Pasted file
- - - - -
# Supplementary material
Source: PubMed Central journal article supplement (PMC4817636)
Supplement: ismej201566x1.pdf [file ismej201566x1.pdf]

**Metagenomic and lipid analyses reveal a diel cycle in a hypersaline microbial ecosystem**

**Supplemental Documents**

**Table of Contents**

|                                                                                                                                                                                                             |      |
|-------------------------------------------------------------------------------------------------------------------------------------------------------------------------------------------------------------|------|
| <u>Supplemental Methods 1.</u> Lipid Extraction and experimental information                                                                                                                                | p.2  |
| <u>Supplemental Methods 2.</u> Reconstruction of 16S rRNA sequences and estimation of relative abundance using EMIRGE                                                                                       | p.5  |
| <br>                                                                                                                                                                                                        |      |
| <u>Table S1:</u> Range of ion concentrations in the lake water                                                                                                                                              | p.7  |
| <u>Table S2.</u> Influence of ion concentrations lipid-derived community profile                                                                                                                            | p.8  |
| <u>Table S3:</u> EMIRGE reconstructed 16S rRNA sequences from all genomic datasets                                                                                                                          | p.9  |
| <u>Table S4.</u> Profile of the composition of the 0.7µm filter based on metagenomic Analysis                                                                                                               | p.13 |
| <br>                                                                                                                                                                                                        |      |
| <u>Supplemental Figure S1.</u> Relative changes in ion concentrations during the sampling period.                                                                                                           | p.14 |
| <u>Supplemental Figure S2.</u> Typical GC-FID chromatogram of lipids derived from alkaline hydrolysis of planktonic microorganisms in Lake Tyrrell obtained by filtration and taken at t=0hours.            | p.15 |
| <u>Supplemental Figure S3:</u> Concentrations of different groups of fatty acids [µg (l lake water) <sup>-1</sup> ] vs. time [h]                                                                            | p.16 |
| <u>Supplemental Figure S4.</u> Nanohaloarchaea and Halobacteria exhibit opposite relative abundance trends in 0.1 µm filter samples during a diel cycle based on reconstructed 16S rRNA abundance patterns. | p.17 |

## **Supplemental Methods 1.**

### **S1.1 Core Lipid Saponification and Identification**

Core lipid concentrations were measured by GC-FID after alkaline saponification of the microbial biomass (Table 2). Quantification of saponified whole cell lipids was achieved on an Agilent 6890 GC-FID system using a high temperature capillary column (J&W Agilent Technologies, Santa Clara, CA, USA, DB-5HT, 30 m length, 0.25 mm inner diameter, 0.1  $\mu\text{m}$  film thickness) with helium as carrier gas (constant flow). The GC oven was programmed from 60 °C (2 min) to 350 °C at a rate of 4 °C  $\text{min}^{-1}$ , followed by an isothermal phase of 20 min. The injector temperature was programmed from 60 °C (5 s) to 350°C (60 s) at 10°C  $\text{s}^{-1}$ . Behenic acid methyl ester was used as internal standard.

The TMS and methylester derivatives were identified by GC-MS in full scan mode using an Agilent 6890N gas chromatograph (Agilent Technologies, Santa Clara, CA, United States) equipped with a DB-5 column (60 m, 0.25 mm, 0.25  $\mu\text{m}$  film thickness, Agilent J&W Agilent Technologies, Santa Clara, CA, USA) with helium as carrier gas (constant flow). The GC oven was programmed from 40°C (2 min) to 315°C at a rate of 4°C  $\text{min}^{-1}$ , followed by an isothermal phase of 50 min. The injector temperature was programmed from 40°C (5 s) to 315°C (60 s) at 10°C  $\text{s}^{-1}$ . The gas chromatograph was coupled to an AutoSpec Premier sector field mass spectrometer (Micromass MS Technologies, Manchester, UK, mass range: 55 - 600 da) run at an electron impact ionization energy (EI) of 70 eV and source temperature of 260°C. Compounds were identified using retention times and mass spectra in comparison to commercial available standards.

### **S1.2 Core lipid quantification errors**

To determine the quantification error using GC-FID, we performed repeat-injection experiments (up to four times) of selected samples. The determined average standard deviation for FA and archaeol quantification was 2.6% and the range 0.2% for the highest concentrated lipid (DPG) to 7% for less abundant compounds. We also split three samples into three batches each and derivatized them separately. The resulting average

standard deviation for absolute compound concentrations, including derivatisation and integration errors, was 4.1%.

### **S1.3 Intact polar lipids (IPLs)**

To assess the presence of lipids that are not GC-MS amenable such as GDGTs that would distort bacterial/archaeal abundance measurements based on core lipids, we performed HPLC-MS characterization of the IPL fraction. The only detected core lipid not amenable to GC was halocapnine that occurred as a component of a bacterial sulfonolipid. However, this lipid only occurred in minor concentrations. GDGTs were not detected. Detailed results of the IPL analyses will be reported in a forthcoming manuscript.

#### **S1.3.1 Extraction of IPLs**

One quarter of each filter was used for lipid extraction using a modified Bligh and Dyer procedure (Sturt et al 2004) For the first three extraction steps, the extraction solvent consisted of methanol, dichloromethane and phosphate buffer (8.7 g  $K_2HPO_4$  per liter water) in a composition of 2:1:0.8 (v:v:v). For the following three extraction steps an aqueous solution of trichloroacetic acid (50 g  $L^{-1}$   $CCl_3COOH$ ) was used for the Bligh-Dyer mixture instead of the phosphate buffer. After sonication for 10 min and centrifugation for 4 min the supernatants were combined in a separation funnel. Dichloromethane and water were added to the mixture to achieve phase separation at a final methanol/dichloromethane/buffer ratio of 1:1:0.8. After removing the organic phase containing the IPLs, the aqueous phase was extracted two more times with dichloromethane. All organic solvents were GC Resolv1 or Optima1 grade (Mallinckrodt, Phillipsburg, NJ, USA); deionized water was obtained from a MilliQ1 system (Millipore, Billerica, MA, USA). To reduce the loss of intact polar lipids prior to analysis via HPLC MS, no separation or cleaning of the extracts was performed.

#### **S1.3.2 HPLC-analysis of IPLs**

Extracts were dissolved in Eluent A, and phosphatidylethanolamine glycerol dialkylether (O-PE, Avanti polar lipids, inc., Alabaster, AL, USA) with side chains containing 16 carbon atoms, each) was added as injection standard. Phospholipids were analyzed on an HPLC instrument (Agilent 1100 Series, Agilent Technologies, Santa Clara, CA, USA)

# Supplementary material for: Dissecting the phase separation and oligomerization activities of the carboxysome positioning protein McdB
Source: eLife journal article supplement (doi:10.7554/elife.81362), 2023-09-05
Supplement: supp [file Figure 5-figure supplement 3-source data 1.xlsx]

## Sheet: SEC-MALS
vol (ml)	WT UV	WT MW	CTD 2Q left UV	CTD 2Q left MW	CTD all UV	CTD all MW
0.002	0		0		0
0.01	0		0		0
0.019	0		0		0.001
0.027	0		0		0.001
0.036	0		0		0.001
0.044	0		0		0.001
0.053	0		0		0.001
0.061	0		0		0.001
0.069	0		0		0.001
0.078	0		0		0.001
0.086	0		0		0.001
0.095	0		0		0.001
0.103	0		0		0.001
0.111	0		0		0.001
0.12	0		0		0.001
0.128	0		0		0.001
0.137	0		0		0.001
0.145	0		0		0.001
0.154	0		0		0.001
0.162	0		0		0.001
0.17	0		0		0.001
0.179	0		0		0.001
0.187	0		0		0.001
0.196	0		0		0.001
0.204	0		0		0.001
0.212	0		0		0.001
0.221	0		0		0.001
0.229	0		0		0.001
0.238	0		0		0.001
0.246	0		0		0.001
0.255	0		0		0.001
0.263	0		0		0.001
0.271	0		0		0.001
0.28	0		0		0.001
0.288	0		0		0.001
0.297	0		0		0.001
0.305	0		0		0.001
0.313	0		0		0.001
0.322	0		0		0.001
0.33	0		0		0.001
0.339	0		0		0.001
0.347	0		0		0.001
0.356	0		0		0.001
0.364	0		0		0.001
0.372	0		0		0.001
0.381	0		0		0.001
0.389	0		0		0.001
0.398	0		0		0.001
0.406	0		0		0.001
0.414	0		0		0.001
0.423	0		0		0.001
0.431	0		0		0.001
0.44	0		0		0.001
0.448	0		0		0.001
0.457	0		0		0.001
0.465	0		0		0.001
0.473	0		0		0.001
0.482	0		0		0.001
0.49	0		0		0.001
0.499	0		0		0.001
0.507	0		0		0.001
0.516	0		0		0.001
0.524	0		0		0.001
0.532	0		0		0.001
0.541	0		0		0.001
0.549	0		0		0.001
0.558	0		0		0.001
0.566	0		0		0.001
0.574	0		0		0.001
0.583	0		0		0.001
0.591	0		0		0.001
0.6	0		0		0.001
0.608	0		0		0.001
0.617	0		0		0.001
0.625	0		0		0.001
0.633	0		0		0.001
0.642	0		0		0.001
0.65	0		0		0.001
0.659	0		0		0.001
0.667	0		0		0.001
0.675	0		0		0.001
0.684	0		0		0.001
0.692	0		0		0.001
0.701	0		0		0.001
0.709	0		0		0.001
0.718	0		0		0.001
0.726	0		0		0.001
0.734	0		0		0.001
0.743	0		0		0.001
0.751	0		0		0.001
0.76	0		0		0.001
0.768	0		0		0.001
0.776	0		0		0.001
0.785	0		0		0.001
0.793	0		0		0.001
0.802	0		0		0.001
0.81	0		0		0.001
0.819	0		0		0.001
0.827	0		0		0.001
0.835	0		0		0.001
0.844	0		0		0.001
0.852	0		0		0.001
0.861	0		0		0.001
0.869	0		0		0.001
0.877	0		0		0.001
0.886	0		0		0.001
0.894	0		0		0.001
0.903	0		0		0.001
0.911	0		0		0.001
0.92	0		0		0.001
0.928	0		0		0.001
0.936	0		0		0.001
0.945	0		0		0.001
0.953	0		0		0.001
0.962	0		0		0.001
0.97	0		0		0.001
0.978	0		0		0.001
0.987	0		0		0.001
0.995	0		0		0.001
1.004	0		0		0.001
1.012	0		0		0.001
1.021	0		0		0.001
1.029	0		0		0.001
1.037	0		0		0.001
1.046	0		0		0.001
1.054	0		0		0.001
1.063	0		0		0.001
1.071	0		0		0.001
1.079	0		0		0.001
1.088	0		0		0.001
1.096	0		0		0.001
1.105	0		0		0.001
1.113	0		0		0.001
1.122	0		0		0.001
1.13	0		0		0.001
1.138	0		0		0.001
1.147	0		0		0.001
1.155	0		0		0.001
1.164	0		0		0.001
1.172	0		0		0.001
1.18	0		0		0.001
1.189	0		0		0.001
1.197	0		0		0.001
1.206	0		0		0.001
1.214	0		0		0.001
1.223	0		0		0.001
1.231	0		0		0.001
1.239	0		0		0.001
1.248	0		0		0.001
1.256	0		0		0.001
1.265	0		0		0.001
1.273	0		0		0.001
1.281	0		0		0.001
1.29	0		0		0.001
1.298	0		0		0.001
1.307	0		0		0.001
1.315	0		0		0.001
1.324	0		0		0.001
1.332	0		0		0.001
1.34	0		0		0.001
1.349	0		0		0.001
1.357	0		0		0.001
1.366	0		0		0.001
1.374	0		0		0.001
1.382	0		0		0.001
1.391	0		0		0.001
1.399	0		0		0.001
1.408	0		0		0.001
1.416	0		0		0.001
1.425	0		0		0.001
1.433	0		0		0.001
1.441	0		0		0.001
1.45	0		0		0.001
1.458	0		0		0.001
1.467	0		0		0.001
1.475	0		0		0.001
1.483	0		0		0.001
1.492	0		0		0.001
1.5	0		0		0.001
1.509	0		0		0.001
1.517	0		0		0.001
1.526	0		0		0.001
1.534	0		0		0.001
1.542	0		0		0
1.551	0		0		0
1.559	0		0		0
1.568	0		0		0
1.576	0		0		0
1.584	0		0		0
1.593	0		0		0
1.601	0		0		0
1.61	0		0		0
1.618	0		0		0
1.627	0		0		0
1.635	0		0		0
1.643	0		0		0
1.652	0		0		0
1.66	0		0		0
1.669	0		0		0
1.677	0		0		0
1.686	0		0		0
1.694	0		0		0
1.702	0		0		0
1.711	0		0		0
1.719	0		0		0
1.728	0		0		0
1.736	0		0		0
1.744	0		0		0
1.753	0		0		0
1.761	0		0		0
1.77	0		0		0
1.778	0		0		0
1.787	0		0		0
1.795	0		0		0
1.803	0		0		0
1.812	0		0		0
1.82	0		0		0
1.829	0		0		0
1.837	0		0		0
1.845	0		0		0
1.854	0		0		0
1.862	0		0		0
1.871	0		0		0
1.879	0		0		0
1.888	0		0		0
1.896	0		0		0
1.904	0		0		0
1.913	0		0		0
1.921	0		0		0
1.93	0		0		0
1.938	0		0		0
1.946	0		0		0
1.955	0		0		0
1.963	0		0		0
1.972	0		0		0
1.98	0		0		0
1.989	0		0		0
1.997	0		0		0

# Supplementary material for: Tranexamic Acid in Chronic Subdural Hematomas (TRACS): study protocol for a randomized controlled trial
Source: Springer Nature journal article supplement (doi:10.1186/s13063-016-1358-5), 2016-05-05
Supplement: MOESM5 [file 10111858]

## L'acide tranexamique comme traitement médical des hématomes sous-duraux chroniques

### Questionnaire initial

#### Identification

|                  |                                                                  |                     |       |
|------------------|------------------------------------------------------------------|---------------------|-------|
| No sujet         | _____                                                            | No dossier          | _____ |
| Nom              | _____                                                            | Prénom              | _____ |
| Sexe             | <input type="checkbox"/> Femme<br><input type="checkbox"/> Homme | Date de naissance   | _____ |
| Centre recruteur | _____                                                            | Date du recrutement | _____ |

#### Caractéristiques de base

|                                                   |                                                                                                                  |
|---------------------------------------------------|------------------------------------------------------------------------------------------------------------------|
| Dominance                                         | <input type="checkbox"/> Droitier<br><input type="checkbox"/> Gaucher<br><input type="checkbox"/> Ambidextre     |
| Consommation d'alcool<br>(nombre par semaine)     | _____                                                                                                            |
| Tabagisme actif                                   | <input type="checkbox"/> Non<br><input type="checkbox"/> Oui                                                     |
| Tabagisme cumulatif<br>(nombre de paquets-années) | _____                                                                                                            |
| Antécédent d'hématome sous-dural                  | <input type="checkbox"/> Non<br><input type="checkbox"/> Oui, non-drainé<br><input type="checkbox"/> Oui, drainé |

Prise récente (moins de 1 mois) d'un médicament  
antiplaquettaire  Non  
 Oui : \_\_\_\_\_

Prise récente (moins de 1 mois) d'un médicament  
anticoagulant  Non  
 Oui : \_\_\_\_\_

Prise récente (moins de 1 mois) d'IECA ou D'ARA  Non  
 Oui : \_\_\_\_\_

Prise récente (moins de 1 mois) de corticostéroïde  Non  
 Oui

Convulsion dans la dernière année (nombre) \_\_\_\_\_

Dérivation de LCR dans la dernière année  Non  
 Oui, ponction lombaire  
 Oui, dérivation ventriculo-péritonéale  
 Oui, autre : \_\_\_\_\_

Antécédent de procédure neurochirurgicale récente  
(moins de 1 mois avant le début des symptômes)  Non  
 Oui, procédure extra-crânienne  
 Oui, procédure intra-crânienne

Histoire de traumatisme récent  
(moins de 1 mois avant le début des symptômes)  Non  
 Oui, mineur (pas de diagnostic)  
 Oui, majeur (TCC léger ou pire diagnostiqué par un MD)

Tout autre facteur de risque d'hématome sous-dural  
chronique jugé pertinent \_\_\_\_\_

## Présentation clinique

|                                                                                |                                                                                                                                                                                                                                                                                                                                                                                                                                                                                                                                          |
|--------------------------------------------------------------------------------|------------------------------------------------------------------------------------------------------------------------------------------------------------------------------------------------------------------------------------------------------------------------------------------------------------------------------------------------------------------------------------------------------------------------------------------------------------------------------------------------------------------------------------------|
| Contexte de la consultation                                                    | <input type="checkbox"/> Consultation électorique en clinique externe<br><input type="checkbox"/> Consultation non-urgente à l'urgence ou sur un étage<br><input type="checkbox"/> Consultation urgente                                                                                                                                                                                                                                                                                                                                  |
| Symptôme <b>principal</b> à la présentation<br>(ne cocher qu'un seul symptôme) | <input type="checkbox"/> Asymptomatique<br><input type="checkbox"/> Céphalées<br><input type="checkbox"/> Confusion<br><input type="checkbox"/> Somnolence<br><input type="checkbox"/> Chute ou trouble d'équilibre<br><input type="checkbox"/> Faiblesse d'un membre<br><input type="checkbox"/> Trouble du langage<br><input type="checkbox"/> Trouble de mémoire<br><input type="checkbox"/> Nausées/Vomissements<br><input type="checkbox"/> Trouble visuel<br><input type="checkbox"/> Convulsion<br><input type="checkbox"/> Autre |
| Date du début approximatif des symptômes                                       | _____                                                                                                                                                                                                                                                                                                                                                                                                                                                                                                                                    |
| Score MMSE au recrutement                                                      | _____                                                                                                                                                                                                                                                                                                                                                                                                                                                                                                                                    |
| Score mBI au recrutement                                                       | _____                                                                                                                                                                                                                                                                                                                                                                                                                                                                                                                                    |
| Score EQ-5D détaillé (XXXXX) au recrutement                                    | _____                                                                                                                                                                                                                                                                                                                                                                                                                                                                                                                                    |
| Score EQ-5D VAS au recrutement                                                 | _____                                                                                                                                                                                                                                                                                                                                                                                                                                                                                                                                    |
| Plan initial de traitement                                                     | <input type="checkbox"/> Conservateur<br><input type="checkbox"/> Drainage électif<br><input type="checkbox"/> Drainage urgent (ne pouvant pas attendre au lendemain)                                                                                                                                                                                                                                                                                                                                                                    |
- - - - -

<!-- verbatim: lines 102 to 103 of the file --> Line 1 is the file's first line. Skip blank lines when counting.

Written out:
0.532	0		0		0.001
0.541	0		0		0.001